Sadly, I grew up in a house that quibbled. There are a lot of parents that will correct a child's grammar, but this went way beyond that. In my home, everything was corrected. If I said that amethyst were purple, my father would quickly correct me that some were pink, red or blue. If I called the nearby road Brisebois, "bris-boy," my mother was quick to correct me that it was "bris-bwa." If I told a friend we were going to the mall and then the grocery, either parent would be quick to point out that we were going to the grocery first. This sort of thing was constant and unrelenting - not only between my parents and I - they did it between themselves, also. And as I was youngest in the family, both my sister and brother had picked up the habit long before I'd reached the age of eight.
So, quibbling is a deeply entrenched habit with me. I carried it forward through school, through university and through my daughter's upraising, and right here onto the internet. It is one of my worst habits, one that I hardly realize I'm following. I see something that's, quote, 'wrong,' and I leap to correct it.
Yeah, yeah, yeah, there are a bunch of gentle readers saying, "I told you so." But don't pretend that a lot of you don't do exactly the same thing - the internet is full of it, as the cartoon on the left clearly
indicates. I was not the only one raised with this habit - else I wouldn't have people rushing to point out to me that not every government in ancient Greece was a democracy, or that a video isn't 'skype,' it's a G+ hangout video. Pointing out that things are wrong is a national sport.
I know I have to give it up. I know that my resistance against giving it up has nothing whatsoever to do with me, it has to do with my parents and having developed the habit so deeply in my psyche. The worst thing about habits like this is that for years and years it is possible to hang onto the certainty that things should not be wrong. They should be right.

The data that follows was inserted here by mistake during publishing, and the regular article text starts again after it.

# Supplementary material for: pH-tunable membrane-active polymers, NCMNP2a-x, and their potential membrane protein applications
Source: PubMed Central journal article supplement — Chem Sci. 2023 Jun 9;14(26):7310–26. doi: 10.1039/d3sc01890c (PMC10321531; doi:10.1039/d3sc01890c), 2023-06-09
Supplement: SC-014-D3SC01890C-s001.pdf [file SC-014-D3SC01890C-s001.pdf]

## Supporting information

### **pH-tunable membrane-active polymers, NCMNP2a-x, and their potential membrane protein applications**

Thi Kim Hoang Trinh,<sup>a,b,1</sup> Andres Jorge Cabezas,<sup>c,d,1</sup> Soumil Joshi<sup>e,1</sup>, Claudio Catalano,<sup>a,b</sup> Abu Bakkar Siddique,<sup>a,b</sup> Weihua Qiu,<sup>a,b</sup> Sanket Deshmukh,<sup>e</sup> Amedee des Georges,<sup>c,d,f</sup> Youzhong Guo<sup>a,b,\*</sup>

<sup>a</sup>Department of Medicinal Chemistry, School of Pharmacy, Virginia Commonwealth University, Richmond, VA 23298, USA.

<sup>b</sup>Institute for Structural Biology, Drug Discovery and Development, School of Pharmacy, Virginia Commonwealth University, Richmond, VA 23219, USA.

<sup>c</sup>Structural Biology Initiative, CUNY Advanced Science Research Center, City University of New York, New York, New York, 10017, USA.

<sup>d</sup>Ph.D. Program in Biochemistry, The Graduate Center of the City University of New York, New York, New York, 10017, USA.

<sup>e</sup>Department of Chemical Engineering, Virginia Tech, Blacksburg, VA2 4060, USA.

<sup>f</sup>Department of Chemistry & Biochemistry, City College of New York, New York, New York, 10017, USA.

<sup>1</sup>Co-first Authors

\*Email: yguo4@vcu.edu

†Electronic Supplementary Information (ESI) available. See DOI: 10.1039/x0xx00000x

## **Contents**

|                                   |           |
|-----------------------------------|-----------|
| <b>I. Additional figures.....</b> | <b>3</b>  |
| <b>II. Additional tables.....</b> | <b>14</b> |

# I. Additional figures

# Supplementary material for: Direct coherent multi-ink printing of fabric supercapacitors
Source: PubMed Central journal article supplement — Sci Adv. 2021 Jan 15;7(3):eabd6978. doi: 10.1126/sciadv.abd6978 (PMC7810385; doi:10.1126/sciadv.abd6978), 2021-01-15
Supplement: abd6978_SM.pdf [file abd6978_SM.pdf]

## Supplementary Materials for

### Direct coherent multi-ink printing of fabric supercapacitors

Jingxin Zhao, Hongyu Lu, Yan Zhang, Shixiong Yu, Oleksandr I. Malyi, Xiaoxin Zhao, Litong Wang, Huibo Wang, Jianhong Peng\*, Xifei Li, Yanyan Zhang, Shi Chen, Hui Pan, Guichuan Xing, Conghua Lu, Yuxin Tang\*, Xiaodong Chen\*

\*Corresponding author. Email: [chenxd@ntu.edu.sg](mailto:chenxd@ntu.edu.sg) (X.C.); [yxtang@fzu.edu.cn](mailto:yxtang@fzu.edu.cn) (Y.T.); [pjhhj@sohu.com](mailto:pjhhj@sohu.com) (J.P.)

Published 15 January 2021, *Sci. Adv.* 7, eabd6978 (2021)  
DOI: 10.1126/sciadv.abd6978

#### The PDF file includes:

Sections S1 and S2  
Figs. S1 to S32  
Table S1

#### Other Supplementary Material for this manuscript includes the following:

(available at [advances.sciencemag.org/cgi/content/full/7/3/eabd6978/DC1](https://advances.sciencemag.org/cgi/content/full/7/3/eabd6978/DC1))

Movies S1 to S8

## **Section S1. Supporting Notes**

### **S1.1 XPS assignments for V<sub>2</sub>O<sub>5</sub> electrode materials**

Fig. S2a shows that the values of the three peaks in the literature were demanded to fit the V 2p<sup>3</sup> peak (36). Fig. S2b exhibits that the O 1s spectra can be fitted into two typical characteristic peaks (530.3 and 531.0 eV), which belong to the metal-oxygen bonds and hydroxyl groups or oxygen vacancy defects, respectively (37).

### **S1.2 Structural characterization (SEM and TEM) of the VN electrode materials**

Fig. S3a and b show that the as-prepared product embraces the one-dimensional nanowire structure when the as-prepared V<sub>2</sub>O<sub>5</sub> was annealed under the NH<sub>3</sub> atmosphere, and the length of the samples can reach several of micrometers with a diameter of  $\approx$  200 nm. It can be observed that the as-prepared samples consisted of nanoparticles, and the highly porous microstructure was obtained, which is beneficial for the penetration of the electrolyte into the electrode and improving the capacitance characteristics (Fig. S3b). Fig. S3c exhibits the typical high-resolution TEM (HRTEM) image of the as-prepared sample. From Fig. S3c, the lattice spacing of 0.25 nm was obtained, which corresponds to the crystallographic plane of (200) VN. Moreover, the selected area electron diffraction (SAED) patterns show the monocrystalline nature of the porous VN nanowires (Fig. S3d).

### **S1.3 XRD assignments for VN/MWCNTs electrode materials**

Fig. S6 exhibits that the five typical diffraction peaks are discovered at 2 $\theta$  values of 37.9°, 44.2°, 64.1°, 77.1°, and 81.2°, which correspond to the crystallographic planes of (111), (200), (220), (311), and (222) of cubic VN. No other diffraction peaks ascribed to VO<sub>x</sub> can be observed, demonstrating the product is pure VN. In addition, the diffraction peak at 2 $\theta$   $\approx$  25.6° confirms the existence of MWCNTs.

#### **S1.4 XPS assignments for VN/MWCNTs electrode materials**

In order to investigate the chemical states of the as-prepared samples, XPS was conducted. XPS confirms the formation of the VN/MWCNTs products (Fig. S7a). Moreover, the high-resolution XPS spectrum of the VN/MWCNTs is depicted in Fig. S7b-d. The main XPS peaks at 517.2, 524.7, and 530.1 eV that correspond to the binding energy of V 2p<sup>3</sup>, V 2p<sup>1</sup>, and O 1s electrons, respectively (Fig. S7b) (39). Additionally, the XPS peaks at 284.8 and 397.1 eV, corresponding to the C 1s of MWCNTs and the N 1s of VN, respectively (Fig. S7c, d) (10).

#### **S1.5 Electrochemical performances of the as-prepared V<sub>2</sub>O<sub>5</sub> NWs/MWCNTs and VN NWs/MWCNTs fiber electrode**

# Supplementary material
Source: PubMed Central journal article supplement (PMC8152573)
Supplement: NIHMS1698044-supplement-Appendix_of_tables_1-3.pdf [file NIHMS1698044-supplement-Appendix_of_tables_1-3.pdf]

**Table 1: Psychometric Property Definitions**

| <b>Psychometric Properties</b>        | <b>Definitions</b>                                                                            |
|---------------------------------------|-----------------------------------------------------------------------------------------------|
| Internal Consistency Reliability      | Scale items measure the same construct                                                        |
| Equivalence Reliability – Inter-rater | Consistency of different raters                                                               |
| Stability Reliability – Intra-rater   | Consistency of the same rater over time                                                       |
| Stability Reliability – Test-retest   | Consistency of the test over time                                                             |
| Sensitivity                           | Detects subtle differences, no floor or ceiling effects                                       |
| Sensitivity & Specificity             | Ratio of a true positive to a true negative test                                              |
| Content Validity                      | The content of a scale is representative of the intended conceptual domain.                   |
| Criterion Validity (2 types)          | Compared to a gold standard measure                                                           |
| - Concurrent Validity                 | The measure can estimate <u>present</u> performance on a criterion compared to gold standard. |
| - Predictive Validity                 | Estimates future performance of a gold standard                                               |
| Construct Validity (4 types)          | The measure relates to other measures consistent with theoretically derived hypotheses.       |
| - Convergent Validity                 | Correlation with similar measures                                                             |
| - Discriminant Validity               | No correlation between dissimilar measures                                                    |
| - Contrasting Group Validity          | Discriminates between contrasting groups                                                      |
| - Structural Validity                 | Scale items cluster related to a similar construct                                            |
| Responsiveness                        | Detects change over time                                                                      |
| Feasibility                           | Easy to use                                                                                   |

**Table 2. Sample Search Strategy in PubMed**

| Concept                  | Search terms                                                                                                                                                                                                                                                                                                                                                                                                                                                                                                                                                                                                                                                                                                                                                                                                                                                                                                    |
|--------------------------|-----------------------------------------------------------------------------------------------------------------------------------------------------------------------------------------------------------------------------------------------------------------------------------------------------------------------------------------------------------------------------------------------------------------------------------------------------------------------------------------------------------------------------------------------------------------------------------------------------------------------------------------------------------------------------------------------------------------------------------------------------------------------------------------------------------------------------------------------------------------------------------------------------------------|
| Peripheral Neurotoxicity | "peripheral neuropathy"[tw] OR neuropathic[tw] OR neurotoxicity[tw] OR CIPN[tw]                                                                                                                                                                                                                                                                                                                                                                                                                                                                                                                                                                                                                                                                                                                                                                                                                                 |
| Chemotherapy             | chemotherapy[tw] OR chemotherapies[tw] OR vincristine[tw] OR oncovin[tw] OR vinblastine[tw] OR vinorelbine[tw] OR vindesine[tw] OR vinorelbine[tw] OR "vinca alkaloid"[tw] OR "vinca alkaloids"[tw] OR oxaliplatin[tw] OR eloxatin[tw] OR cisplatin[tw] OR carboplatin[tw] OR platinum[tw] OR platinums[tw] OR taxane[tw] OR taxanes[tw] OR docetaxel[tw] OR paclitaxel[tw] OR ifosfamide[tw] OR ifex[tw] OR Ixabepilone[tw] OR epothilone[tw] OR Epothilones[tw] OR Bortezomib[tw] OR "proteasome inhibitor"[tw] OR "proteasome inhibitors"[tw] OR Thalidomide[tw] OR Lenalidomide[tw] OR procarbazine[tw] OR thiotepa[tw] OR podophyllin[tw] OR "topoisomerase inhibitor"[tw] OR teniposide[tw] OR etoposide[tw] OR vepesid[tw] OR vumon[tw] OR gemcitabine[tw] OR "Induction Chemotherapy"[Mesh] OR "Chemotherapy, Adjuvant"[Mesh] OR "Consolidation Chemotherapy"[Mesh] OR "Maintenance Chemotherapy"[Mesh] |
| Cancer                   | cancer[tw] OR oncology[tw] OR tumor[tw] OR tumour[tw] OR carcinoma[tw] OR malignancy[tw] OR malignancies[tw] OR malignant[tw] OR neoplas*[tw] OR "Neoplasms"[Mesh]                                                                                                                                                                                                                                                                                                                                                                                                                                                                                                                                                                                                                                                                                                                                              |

See, that is the worst of it. There is a lot of confusion about wrongness and rightness - particularly in people who don't care about either. All my life I've had people say of me, "You need to be right; you can't bear to be wrong" - which is, at best, a half-truth. I don't 'need' to be right - I've done the research and the source material says I am right. Other source material may indicate something else, but then it's a debate between other people, not me. The argument that I 'have to be' right would suggest that even when I'm wrong, and I know I'm wrong, I'm still insistent that the listener acknowledge it. This is flat out something I do not do. My peculiar attitude towards rightness doesn't allow for deception - either towards others or myself.
In the past few months, several times, I've been wrong. My response to being wrong has been to admit it. I find that hard and unpleasant, but I can bear it. Correct, Greece was not entirely a democratic culture. Correct, it is a G+ hangout video. Satisfied?